Toxic Stress. Isn’t that something reserved for the classic Type A personality? The workaholics of the world?
I wish. Toxic stress has been trending a lot on Twitter these days. Arianna Huffington tweets about it. She is tweeting about the relationship between sleep deprivation and toxic stress, our busy-ness, our complete and utter over-use of screen time among other things.
How many of us realize that we bring our stress home to our families? Probably most of us, yet I wonder if we all understand just how it affects our children. I know that I wasn’t aware of my children’s ability to feed off of my stress. This realization hits me like a sucker punch every time I think about it. One way I have dealt with it is to apologize to my college age children, by saying, “I am sorry for all the times I got stuck at the office and was late to pick you up after school. You must have felt so scared, annoyed, angry and all the things I would feel if it was happening to me.” My son suffers from extreme anxiety like I do…so I know exactly how he felt and I am sure the adrenaline rush to get to his school 40 minutes away from my office, when I was not able to predetermine my office exit, safely and without a speeding ticket…palpable.
Dr. Nadine Burke Harris has also been tweeting about toxic stress and its affect on our youngest children. Dr. Burke Harris has an amazing TED talk on the long-term social, emotional, intellectual and physical effects, including disease of Adverse Childhood Experiences (ACEs) on children. TED Talk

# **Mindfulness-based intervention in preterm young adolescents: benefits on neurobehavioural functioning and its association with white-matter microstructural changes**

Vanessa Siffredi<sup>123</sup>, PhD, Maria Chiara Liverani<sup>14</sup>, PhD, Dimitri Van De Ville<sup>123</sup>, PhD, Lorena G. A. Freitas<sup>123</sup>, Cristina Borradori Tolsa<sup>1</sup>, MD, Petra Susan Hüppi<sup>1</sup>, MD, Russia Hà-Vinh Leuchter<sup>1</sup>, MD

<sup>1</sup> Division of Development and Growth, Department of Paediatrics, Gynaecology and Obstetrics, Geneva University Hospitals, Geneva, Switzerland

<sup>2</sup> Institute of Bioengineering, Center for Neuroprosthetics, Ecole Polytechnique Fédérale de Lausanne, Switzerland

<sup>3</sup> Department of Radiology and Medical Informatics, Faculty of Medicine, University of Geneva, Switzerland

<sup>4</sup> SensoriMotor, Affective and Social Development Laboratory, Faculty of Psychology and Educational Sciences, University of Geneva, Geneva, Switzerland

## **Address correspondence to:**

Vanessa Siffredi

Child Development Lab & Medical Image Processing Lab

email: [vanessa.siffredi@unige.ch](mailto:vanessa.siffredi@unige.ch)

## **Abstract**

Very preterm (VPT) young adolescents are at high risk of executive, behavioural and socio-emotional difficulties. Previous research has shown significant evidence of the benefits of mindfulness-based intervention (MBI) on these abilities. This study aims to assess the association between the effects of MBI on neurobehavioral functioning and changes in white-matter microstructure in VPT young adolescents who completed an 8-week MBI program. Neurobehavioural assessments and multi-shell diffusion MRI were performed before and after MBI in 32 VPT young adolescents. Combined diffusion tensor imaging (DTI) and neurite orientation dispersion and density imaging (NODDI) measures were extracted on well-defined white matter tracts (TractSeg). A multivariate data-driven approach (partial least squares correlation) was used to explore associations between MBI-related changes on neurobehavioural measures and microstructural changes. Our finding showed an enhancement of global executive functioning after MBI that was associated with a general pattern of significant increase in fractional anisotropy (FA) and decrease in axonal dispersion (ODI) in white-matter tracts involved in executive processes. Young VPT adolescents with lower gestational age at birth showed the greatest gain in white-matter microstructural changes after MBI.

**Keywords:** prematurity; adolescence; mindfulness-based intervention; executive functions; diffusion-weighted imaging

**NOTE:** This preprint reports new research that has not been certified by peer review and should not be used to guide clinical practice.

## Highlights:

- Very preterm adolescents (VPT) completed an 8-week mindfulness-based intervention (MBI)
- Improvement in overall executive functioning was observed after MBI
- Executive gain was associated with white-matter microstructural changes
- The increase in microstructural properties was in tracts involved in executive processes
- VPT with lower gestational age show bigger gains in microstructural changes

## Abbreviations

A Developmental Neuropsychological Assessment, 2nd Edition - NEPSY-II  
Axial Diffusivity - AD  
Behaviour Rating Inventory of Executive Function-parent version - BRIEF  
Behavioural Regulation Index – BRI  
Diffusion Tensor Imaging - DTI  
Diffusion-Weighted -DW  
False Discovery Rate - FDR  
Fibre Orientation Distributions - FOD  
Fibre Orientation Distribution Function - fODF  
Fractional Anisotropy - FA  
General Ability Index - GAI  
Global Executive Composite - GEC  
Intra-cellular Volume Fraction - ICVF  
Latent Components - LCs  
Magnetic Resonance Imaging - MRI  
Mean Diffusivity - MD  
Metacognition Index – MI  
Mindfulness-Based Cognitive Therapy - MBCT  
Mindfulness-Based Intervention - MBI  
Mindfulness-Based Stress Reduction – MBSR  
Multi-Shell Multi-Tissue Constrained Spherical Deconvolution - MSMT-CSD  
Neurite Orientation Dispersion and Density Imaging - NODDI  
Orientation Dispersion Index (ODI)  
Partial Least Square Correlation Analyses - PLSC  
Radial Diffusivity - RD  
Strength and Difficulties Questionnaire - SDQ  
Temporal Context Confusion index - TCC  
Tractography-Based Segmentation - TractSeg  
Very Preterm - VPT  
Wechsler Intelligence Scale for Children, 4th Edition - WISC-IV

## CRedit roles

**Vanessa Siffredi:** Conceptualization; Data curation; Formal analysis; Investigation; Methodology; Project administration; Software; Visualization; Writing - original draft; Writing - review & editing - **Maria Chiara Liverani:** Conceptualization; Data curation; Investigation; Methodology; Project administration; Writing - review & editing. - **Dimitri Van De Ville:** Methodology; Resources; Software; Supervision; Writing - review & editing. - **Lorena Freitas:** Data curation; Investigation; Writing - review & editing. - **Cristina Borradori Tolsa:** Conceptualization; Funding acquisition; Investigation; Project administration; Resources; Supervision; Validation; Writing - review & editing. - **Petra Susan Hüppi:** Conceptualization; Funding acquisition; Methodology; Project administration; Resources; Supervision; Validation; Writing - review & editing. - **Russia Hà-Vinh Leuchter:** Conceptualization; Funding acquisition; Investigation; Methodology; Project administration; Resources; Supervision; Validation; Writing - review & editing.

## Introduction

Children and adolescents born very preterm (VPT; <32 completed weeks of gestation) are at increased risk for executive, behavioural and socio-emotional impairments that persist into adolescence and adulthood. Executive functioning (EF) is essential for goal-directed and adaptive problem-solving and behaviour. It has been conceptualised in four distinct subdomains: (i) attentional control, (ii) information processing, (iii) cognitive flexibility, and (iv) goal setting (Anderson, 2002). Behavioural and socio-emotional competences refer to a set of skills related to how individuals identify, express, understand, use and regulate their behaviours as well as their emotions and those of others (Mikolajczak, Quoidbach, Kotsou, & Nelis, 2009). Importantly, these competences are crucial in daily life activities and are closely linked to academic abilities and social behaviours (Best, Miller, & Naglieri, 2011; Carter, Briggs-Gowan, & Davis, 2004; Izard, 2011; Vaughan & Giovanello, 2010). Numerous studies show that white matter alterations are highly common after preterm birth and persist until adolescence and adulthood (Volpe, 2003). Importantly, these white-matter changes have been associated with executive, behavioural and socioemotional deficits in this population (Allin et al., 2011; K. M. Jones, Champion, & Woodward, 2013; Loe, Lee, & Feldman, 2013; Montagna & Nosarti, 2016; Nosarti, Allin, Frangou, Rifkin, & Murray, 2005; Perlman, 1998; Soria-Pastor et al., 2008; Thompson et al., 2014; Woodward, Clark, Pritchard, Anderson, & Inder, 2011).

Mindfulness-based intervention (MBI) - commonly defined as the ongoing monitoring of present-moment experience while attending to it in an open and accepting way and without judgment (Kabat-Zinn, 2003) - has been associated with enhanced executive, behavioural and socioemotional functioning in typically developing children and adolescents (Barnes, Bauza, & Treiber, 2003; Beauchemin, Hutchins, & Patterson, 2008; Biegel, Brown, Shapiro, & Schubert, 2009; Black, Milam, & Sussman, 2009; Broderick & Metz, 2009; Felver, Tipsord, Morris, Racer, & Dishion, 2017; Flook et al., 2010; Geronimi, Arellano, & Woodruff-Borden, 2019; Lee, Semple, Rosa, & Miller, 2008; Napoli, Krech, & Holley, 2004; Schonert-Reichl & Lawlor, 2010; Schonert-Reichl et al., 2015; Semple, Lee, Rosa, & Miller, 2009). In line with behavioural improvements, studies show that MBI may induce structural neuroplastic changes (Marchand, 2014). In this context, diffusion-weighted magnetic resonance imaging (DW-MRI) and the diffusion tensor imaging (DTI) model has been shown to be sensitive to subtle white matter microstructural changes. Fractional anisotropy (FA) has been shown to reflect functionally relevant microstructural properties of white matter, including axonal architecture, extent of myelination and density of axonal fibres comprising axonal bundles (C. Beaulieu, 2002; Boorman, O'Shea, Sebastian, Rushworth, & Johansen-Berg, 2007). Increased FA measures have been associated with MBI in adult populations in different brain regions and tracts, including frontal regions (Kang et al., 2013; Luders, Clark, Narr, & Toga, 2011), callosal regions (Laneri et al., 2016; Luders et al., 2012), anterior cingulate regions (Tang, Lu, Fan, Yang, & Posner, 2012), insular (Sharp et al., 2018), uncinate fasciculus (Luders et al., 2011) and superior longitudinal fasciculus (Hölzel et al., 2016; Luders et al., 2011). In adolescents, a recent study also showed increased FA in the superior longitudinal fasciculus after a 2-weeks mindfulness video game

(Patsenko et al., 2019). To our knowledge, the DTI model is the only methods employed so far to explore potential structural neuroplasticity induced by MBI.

According to the Center for the Developing Child at Harvard University, “Without caring adults to buffer children, the unrelenting stress caused by extreme poverty, neglect, abuse, or severe maternal depression can weaken the architecture of the developing brain, with long-term consequences for learning, behavior, and both physical and mental health.”
The center goes on to say, “Toxic stress response can occur when a child experiences strong, frequent and/or prolonged adversity–such as physical or emotional abuse, chronic neglect, caregiver substance abuse or mental illness, exposure to violence and/or the accumulated burdens of family economic hardship–without adequate adult support.”
Programs for mothers and infants such as Early Head Start, have long had at their foundation prenatal and post-natal parent education and participants are supported to ensure that their infant attends each well-baby check up. Well-baby check-ups have long had pediatricians listening to heart beats, looking into tiny ears, testing and educating about potential lead exposure: each screening having its place within the framework of early childhood checkups.
Now the American Academy of Pediatrics is advocating that screening for toxic stress become a component of all well baby/child exams. Screening for toxic stress early on can be a means of reducing some of “society’s most complex and costly medical issues from heart disease to drug abuse.”
“We’re trying to emphasize that much more important than just listening to a baby’s heart is listening to a baby’s brain.” Robert W. Block MD
Dr. Burke Harris shared a link on Twitter to the following article from the Center for the Developing Child at Harvard University, which I share about the importance of listening to a baby’s brain.
Targeting screening for toxic stress at both prenatal and pediatric well-child visits would impact the long-term health and educational outcomes for all children!!